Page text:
My wife and I?
Our RV was loaded with fuel, food and provisions to last us a couple of weeks, and it was plugged into our house in Ruskin, Florida, ready for us to leave again if necessary.
Once this was done, we were continually watching the hurricane's eye’s movement on TV and although we felt a certain level of safety in our house, we were also prepared to go over to one of the nearby public shelters, if necessary.
It was a harrowing night for us, of course, just sitting and waiting for the next forecast update on Irma's path.
As we watched, Irma slowly moved north, and luckily for my wife and I, she shifted a few more miles towards the center of Florida and away from the West coast.
To our relief, as Irma drew closer, she also dropped first to a Cat-2 and then to a Cat-1 hurricane, and as she came closer to, she went down to Tropical Storm level winds, and the eye missed our community.
Literally within minutes of the eye passing us, our community we lost power, so we were in the dark about anything that might happen next but seeing as there was nothing else we could do, we went to bed and got a restless nights sleep.
The next morning, we got up from our bed, fired up the generator in our RV, and had a nice breakfast as we talked to our fellow neighbors who had also stayed to “ride out the storm.”
Happily, as we were talking with one couple, our neighborhood power came back on and we finally caught up on the devastation Irma had wrought on so many others.
Getting Out of Florida Takes Time and Gas
As we spent the next few days in our house—which had surprising very little damage, by the way—we were glued to the TV and saw the tens of thousands of people still trapped on the interstate highways trying to get out of the state.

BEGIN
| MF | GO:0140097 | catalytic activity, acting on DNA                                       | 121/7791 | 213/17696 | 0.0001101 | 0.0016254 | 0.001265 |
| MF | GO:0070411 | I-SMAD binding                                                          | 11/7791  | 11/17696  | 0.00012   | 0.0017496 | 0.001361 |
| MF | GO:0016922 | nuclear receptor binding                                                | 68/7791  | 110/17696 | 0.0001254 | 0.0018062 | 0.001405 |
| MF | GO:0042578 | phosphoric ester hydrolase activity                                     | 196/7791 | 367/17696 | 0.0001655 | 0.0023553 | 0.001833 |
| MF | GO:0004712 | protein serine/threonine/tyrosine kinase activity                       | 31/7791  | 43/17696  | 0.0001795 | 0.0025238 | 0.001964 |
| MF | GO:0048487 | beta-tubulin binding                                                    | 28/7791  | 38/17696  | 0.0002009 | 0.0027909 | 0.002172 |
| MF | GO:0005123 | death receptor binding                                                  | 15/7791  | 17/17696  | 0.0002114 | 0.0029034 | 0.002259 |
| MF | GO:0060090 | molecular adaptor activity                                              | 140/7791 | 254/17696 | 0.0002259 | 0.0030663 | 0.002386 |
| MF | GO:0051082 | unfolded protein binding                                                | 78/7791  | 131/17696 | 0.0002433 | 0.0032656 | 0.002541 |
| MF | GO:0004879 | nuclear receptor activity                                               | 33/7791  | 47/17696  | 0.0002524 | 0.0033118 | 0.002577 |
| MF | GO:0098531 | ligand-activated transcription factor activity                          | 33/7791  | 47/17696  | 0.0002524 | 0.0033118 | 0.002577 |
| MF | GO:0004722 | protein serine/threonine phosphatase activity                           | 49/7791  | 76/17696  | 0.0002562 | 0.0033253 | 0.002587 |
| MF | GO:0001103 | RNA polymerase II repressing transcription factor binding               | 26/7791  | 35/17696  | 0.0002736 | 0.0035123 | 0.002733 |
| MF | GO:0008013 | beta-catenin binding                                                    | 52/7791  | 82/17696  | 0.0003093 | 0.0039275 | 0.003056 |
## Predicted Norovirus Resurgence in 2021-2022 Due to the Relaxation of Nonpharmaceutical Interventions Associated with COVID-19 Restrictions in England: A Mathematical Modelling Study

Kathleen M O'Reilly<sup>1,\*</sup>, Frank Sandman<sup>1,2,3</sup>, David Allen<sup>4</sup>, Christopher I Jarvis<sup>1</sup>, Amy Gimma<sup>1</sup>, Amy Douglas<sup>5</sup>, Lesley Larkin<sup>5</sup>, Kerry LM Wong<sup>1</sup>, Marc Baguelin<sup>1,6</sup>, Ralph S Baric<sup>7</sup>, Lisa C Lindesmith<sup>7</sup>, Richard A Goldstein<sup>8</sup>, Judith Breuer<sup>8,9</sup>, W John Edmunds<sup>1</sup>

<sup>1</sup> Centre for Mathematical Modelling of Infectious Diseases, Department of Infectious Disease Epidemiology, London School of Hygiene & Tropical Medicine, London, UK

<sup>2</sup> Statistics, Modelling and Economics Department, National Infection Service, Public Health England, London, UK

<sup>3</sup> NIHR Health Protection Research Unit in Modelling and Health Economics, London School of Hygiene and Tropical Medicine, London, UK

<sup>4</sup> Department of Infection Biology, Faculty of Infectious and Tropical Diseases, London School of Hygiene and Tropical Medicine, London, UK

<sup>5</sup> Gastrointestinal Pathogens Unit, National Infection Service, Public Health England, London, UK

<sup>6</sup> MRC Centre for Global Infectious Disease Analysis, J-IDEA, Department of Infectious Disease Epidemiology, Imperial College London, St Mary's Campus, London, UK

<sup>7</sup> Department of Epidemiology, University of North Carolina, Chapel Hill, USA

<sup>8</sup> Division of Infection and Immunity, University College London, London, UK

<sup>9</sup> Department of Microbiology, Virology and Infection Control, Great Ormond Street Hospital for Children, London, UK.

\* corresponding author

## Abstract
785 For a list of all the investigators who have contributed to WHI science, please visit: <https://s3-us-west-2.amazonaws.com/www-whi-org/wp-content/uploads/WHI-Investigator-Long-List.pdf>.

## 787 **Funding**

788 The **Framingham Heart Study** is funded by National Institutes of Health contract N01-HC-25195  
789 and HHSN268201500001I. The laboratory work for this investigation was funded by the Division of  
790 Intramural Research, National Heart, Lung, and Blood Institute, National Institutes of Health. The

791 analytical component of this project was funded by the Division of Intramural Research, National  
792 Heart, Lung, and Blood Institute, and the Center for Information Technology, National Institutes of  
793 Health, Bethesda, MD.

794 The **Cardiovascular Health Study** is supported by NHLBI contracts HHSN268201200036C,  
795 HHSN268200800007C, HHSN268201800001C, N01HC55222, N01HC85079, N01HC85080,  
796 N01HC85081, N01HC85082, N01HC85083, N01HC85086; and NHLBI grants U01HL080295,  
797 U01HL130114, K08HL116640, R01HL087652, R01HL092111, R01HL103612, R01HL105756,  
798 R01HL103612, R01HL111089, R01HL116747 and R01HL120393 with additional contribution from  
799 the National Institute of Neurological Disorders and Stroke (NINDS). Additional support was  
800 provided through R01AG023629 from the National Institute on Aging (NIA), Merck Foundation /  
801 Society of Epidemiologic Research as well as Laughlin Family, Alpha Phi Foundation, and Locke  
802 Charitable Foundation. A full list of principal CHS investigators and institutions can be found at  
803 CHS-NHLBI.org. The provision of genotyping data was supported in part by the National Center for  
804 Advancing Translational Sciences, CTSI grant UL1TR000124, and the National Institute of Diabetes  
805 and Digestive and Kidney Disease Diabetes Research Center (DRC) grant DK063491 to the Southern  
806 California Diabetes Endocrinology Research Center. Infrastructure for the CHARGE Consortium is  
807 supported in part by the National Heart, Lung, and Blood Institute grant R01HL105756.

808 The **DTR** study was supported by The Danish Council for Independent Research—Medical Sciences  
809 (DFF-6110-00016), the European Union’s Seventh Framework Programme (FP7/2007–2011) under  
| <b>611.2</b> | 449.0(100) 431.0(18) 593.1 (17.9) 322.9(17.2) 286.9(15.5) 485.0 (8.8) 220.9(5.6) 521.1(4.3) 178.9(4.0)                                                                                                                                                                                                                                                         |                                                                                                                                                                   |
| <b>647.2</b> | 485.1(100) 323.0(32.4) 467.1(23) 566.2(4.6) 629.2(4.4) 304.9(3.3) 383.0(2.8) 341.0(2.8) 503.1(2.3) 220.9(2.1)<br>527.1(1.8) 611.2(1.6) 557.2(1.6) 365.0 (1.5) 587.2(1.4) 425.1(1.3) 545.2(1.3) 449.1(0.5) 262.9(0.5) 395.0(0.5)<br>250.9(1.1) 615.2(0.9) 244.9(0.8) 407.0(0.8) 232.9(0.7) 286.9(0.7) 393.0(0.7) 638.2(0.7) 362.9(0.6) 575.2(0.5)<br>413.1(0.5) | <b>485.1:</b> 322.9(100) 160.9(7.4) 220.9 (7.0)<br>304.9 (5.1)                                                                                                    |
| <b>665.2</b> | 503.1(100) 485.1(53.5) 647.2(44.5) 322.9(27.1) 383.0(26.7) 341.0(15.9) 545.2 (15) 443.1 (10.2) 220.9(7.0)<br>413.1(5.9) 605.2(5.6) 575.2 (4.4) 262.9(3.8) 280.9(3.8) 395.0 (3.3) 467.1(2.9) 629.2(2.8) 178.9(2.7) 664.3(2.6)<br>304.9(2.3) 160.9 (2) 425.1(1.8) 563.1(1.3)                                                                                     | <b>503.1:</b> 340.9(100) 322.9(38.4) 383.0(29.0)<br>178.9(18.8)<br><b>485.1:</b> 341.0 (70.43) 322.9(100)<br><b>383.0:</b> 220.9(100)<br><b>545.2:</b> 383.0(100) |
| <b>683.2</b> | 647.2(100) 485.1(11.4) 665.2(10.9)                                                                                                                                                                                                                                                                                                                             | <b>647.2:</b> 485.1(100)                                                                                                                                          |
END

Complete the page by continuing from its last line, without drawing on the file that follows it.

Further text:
And, once the storm had passed from the state, the southbound lanes began to become clogged with the anxious residents who had run away from danger and now wanted to see if their homes had survived.
Simply said, at this point in time, the whole interstate transportation system of Florida had collapsed under the demand put on it by refuges.
As I talked to more people, I heard that the combination of two northbound lanes filled by refugees and two southbound lanes filled with returnees was actually made worse by yet another group of travelers.
Mny of these other people were the ones who at one point or another, had projected to be safe from Irma’s projected path, and yet just had to go somewhere.
Of course, there were the tens of thousands who had relatives to stay with in Georgia, Alabama, Kentucky, Tennessee, the Carolinas and other points north.
But there were some who ran to the north of Florida and then, when weather predictions changed on them, they had to run to Louisiana, Alabama or Georgia, just hoping for an open hotel room or condo, even though most were already deemed safe.
And many RV owners also ran to the panhandle and other points to the north and stayed in a campground, or maybe in a hotel or condo themselves. But after getting settled in, they would get scared yet again as the weather reports changed and off they would go to get even further away from Florida.
I think it would be a good analysis for someone to do: what happened with this traffic problem and how much gasoline was wasted by how many people.
What Can the Media Do Better?
What can the media do better to prepare Florida residents for a hurricane that may or may not affect them, rather than wait and force people to react at the last minute?
How Much of the Fear Was Driven by the Media?
It seemed that certain people, the ones I started calling “Rabbits,” were just so scared that with every reported change in Irma’s path, they felt they had to jump to another place that they thought would be safer than wherever they happened to be.